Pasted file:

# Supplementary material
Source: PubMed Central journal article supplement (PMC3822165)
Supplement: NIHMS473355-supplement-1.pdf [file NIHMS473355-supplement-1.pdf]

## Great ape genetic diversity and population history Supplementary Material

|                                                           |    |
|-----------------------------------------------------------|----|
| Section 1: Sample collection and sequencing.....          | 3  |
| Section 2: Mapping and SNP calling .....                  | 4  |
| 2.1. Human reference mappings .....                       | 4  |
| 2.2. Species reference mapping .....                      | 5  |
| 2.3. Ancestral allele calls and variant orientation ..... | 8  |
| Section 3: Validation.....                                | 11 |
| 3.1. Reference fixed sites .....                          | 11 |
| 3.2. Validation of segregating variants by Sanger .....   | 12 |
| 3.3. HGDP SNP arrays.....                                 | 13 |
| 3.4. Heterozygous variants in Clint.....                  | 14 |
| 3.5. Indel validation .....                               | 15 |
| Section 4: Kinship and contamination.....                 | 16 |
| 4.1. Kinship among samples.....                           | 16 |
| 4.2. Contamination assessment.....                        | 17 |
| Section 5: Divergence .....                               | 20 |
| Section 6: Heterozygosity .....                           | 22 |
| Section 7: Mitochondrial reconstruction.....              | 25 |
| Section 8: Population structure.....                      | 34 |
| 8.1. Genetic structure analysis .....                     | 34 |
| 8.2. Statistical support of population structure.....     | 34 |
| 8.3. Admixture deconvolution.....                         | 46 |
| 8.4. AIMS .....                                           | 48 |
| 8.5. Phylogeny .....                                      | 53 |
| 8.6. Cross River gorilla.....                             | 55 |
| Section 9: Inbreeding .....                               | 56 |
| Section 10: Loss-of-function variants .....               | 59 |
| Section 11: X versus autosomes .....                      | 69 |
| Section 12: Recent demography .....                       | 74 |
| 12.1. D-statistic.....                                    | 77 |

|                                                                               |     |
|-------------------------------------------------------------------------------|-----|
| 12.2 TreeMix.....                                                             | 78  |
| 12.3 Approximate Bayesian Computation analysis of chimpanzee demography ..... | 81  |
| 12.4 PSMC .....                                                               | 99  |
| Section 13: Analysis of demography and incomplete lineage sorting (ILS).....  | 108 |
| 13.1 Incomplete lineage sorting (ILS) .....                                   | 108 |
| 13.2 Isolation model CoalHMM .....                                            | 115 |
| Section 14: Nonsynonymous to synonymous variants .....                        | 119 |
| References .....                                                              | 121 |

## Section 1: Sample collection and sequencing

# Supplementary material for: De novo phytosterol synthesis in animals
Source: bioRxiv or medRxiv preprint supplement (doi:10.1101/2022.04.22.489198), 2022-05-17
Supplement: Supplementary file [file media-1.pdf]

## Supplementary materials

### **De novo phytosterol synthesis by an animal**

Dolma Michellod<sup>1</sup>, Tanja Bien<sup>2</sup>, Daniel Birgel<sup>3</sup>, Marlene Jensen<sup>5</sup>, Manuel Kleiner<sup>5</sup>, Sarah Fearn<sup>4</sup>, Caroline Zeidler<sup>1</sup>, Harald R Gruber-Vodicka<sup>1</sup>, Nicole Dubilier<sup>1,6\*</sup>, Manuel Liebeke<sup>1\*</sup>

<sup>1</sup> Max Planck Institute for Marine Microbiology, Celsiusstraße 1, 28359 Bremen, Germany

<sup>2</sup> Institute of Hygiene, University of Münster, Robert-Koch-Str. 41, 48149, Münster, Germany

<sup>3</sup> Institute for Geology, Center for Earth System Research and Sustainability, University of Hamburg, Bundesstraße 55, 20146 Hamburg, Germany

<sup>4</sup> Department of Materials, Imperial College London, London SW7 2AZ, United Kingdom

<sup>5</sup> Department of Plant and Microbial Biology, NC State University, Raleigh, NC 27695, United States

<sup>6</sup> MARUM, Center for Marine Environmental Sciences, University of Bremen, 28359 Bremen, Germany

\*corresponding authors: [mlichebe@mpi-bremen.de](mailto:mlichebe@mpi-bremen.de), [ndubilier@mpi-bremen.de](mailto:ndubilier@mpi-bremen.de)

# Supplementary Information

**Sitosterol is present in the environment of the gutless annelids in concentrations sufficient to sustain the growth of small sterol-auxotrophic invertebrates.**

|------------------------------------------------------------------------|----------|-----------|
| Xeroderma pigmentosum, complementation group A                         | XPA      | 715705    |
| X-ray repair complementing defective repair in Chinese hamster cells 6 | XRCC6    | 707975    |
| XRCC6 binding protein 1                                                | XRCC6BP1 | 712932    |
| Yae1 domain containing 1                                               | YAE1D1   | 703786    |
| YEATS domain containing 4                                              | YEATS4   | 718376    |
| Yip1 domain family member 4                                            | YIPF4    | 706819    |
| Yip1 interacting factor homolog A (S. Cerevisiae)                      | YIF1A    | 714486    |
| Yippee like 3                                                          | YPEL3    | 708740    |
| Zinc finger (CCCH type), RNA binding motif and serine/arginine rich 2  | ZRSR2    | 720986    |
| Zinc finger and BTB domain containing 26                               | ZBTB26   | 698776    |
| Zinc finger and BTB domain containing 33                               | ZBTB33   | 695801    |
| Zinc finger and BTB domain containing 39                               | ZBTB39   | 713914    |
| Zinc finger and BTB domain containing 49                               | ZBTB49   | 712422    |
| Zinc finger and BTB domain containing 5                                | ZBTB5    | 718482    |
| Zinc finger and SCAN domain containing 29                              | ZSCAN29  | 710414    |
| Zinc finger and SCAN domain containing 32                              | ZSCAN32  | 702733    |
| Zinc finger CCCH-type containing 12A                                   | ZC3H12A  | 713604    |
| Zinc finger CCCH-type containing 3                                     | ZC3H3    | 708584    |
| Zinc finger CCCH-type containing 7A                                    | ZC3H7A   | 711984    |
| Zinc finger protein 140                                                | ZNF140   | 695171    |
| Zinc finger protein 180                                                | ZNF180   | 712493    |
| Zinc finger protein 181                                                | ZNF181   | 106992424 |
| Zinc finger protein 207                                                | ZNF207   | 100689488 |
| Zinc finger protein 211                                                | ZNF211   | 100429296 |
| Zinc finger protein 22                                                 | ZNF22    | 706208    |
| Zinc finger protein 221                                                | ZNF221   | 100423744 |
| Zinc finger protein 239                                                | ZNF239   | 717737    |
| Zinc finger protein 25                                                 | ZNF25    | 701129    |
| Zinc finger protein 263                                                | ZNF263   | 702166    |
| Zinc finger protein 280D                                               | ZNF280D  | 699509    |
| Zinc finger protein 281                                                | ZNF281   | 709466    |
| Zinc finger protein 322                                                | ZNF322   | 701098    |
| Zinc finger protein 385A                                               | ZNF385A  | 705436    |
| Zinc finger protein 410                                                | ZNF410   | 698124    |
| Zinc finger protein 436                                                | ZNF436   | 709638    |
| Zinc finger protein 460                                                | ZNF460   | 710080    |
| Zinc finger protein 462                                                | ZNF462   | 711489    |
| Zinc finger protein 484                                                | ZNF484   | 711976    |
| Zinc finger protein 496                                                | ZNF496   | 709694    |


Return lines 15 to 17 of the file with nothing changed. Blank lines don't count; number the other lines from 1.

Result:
| 3.3. HGDP SNP arrays.....                                 | 13 |
| 3.4. Heterozygous variants in Clint.....                  | 14 |
| 3.5. Indel validation .....                               | 15 |